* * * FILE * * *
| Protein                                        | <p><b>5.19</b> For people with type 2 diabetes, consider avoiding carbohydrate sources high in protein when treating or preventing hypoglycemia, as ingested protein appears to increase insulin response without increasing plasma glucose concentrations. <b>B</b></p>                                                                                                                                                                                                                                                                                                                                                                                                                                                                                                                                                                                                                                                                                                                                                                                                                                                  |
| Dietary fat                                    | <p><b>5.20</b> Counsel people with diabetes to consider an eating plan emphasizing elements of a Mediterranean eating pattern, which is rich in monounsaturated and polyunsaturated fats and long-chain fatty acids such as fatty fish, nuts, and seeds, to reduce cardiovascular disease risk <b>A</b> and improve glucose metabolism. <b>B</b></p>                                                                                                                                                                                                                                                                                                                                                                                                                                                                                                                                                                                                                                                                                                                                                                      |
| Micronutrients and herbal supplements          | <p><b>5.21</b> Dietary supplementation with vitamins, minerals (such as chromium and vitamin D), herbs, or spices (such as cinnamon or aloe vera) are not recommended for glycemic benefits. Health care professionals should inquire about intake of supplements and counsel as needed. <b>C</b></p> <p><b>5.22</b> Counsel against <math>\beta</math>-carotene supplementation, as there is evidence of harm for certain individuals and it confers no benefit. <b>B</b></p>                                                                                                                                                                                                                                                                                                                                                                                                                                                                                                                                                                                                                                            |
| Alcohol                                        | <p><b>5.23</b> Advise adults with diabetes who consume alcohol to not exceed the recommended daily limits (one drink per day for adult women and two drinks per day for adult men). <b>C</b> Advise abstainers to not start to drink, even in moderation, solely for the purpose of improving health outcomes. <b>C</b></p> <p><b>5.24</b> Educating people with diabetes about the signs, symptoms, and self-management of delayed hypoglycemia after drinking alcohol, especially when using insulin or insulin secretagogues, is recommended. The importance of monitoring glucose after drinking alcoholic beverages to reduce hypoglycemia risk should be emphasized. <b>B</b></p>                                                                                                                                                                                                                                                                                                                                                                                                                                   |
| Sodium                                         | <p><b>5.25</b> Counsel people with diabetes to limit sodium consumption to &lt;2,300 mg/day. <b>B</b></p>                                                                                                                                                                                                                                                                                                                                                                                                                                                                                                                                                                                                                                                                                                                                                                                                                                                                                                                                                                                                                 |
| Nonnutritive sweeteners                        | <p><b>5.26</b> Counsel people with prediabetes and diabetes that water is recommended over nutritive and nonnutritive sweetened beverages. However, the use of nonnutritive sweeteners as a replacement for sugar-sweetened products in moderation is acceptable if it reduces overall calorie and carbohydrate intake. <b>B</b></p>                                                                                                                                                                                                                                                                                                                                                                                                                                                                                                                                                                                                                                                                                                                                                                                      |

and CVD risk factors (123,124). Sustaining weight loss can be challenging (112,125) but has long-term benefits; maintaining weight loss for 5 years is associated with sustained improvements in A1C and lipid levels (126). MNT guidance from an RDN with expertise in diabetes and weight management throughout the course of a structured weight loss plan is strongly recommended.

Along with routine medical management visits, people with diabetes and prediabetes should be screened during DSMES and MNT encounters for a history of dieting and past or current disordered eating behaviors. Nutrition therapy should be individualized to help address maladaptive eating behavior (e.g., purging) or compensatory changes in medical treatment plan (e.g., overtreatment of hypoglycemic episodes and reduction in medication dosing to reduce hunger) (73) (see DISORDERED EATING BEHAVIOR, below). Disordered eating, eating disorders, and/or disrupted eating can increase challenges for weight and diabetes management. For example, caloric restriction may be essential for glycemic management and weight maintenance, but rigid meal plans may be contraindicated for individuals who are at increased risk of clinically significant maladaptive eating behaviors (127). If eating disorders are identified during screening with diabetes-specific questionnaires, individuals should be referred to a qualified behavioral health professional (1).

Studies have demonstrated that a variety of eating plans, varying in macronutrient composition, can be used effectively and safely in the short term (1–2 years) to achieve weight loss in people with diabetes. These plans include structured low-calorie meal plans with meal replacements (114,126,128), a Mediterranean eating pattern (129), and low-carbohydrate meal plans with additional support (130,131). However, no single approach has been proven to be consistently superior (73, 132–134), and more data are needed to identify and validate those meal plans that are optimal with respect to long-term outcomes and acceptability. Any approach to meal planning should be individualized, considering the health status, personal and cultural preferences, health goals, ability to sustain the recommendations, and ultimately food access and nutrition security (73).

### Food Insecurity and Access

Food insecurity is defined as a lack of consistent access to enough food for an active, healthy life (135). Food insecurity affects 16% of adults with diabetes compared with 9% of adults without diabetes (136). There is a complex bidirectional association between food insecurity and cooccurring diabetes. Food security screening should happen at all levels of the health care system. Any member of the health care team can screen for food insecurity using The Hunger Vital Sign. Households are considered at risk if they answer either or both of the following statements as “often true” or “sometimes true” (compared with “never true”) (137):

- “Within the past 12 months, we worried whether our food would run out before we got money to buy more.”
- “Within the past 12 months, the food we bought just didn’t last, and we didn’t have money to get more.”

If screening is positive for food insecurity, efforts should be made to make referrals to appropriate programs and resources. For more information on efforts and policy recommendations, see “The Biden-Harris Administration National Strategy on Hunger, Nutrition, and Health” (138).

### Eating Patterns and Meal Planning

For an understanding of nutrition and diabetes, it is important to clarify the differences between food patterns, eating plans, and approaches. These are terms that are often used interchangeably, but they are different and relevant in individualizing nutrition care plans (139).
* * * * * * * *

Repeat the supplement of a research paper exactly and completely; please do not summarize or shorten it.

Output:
| Protein                                        | <p><b>5.19</b> For people with type 2 diabetes, consider avoiding carbohydrate sources high in protein when treating or preventing hypoglycemia, as ingested protein appears to increase insulin response without increasing plasma glucose concentrations. <b>B</b></p>                                                                                                                                                                                                                                                                                                                                                                                                                                                                                                                                                                                                                                                                                                                                                                                                                                                  |
| Dietary fat                                    | <p><b>5.20</b> Counsel people with diabetes to consider an eating plan emphasizing elements of a Mediterranean eating pattern, which is rich in monounsaturated and polyunsaturated fats and long-chain fatty acids such as fatty fish, nuts, and seeds, to reduce cardiovascular disease risk <b>A</b> and improve glucose metabolism. <b>B</b></p>                                                                                                                                                                                                                                                                                                                                                                                                                                                                                                                                                                                                                                                                                                                                                                      |
| Micronutrients and herbal supplements          | <p><b>5.21</b> Dietary supplementation with vitamins, minerals (such as chromium and vitamin D), herbs, or spices (such as cinnamon or aloe vera) are not recommended for glycemic benefits. Health care professionals should inquire about intake of supplements and counsel as needed. <b>C</b></p> <p><b>5.22</b> Counsel against <math>\beta</math>-carotene supplementation, as there is evidence of harm for certain individuals and it confers no benefit. <b>B</b></p>                                                                                                                                                                                                                                                                                                                                                                                                                                                                                                                                                                                                                                            |
| Alcohol                                        | <p><b>5.23</b> Advise adults with diabetes who consume alcohol to not exceed the recommended daily limits (one drink per day for adult women and two drinks per day for adult men). <b>C</b> Advise abstainers to not start to drink, even in moderation, solely for the purpose of improving health outcomes. <b>C</b></p> <p><b>5.24</b> Educating people with diabetes about the signs, symptoms, and self-management of delayed hypoglycemia after drinking alcohol, especially when using insulin or insulin secretagogues, is recommended. The importance of monitoring glucose after drinking alcoholic beverages to reduce hypoglycemia risk should be emphasized. <b>B</b></p>                                                                                                                                                                                                                                                                                                                                                                                                                                   |
| Sodium                                         | <p><b>5.25</b> Counsel people with diabetes to limit sodium consumption to &lt;2,300 mg/day. <b>B</b></p>                                                                                                                                                                                                                                                                                                                                                                                                                                                                                                                                                                                                                                                                                                                                                                                                                                                                                                                                                                                                                 |
| Nonnutritive sweeteners                        | <p><b>5.26</b> Counsel people with prediabetes and diabetes that water is recommended over nutritive and nonnutritive sweetened beverages. However, the use of nonnutritive sweeteners as a replacement for sugar-sweetened products in moderation is acceptable if it reduces overall calorie and carbohydrate intake. <b>B</b></p>                                                                                                                                                                                                                                                                                                                                                                                                                                                                                                                                                                                                                                                                                                                                                                                      |

and CVD risk factors (123,124). Sustaining weight loss can be challenging (112,125) but has long-term benefits; maintaining weight loss for 5 years is associated with sustained improvements in A1C and lipid levels (126). MNT guidance from an RDN with expertise in diabetes and weight management throughout the course of a structured weight loss plan is strongly recommended.

Along with routine medical management visits, people with diabetes and prediabetes should be screened during DSMES and MNT encounters for a history of dieting and past or current disordered eating behaviors. Nutrition therapy should be individualized to help address maladaptive eating behavior (e.g., purging) or compensatory changes in medical treatment plan (e.g., overtreatment of hypoglycemic episodes and reduction in medication dosing to reduce hunger) (73) (see DISORDERED EATING BEHAVIOR, below). Disordered eating, eating disorders, and/or disrupted eating can increase challenges for weight and diabetes management. For example, caloric restriction may be essential for glycemic management and weight maintenance, but rigid meal plans may be contraindicated for individuals who are at increased risk of clinically significant maladaptive eating behaviors (127). If eating disorders are identified during screening with diabetes-specific questionnaires, individuals should be referred to a qualified behavioral health professional (1).

Studies have demonstrated that a variety of eating plans, varying in macronutrient composition, can be used effectively and safely in the short term (1–2 years) to achieve weight loss in people with diabetes. These plans include structured low-calorie meal plans with meal replacements (114,126,128), a Mediterranean eating pattern (129), and low-carbohydrate meal plans with additional support (130,131). However, no single approach has been proven to be consistently superior (73, 132–134), and more data are needed to identify and validate those meal plans that are optimal with respect to long-term outcomes and acceptability. Any approach to meal planning should be individualized, considering the health status, personal and cultural preferences, health goals, ability to sustain the recommendations, and ultimately food access and nutrition security (73).

### Food Insecurity and Access

Food insecurity is defined as a lack of consistent access to enough food for an active, healthy life (135). Food insecurity affects 16% of adults with diabetes compared with 9% of adults without diabetes (136). There is a complex bidirectional association between food insecurity and cooccurring diabetes. Food security screening should happen at all levels of the health care system. Any member of the health care team can screen for food insecurity using The Hunger Vital Sign. Households are considered at risk if they answer either or both of the following statements as “often true” or “sometimes true” (compared with “never true”) (137):

- “Within the past 12 months, we worried whether our food would run out before we got money to buy more.”
- “Within the past 12 months, the food we bought just didn’t last, and we didn’t have money to get more.”

If screening is positive for food insecurity, efforts should be made to make referrals to appropriate programs and resources. For more information on efforts and policy recommendations, see “The Biden-Harris Administration National Strategy on Hunger, Nutrition, and Health” (138).

### Eating Patterns and Meal Planning

For an understanding of nutrition and diabetes, it is important to clarify the differences between food patterns, eating plans, and approaches. These are terms that are often used interchangeably, but they are different and relevant in individualizing nutrition care plans (139).